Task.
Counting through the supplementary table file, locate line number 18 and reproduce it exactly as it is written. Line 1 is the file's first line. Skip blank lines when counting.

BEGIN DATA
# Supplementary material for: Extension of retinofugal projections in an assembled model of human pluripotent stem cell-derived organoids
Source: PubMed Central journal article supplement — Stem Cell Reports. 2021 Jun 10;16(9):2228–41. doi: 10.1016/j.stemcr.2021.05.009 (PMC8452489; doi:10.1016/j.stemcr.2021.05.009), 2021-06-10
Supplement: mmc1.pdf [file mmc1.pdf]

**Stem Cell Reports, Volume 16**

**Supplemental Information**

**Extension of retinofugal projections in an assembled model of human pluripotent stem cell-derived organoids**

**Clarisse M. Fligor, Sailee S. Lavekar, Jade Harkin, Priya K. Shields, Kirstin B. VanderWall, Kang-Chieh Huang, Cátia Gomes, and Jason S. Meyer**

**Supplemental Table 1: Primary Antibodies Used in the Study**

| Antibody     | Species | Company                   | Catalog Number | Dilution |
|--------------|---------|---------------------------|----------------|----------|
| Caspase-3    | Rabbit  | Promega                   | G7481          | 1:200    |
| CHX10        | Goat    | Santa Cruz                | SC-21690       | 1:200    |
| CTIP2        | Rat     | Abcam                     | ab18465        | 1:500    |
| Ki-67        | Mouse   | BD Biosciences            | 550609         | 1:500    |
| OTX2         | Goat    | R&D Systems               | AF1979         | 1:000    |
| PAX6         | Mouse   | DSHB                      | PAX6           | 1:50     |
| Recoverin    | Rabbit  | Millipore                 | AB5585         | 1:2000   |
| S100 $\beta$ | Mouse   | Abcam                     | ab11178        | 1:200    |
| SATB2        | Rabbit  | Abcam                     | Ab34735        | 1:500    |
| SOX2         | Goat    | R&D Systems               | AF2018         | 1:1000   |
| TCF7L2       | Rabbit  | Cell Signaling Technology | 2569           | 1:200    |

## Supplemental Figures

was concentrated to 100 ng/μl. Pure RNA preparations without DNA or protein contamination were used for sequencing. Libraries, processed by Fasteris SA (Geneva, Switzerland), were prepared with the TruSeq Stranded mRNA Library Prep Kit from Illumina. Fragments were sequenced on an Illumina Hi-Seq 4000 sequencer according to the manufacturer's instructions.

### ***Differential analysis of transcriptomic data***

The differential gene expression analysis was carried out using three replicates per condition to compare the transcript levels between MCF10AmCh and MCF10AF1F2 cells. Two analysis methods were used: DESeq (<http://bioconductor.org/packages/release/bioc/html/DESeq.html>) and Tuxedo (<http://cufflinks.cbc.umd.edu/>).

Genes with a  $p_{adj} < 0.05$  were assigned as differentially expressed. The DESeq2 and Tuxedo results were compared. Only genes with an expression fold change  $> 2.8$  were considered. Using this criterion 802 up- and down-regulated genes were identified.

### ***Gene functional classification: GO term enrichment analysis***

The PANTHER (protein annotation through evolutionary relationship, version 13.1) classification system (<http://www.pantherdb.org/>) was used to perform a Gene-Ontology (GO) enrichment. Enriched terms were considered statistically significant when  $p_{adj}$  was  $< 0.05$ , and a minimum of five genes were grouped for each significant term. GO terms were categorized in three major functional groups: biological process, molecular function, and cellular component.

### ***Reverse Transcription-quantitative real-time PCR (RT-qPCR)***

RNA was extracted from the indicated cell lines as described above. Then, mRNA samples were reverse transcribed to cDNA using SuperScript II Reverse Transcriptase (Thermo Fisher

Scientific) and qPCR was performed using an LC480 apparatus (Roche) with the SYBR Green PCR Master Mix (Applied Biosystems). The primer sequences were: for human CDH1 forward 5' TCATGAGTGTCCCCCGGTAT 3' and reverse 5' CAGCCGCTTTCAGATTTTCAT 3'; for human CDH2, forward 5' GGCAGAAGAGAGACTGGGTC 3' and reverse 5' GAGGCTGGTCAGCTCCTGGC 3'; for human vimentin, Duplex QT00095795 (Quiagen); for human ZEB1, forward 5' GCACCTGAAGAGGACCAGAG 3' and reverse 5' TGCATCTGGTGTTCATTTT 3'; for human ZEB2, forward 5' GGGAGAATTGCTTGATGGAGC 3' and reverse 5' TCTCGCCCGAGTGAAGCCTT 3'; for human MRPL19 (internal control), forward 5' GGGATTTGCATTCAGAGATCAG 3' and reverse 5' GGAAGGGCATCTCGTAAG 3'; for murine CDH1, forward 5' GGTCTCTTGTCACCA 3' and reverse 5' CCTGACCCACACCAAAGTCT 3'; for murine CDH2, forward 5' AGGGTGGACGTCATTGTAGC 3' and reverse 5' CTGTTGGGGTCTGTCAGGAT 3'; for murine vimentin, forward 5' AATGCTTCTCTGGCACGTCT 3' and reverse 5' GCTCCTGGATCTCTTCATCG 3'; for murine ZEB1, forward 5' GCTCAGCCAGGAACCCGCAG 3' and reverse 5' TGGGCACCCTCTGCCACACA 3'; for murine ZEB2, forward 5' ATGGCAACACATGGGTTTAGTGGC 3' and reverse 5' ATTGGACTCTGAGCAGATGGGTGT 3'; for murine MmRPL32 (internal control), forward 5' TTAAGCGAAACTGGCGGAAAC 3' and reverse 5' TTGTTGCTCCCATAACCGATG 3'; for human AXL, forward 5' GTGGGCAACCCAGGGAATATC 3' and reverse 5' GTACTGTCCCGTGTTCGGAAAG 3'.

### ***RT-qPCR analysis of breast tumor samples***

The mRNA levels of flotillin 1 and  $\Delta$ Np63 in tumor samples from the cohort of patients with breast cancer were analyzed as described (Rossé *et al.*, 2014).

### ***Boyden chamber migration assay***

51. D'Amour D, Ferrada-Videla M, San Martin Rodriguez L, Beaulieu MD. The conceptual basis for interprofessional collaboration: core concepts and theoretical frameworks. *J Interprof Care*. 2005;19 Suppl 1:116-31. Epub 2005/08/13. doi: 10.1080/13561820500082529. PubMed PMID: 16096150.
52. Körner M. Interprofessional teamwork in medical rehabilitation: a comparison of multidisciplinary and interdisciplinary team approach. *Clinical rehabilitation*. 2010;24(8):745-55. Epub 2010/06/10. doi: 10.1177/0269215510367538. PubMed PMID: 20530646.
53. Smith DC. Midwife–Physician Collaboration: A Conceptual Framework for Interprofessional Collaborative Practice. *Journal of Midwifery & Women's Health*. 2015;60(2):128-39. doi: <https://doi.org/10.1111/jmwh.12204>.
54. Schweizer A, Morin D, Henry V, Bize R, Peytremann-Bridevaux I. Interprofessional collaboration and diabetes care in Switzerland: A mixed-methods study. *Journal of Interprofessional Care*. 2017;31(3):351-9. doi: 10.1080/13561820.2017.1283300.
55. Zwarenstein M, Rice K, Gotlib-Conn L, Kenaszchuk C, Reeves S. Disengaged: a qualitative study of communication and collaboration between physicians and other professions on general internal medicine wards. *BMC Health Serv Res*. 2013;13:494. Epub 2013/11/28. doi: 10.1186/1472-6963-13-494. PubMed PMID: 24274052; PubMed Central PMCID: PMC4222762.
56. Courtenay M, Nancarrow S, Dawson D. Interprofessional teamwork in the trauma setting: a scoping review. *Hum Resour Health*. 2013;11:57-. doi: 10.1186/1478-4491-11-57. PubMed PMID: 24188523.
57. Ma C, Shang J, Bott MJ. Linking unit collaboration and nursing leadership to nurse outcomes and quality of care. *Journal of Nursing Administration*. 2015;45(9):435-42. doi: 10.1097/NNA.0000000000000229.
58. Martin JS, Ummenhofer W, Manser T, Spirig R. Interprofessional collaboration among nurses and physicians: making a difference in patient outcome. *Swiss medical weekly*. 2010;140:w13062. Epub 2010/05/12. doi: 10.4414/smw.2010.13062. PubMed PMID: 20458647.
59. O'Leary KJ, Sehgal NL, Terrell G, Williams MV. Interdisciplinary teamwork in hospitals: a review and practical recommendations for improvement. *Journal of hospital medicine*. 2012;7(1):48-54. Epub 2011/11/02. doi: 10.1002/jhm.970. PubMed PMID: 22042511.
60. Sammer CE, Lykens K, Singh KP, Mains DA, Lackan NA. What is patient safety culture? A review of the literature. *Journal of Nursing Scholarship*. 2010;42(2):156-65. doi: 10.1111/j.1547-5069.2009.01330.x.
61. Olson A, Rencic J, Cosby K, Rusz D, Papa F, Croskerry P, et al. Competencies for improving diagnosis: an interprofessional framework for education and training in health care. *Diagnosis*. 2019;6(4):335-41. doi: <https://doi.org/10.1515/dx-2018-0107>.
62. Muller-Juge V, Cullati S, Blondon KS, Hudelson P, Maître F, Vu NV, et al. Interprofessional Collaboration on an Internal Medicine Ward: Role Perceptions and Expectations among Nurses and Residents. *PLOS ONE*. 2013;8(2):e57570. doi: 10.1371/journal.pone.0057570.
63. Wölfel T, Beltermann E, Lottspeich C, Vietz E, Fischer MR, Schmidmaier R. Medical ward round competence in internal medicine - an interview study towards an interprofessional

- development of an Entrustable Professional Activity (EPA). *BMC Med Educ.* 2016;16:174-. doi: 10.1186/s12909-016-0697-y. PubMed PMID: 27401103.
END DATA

| S100 $\beta$ | Mouse   | Abcam                     | ab11178        | 1:200    |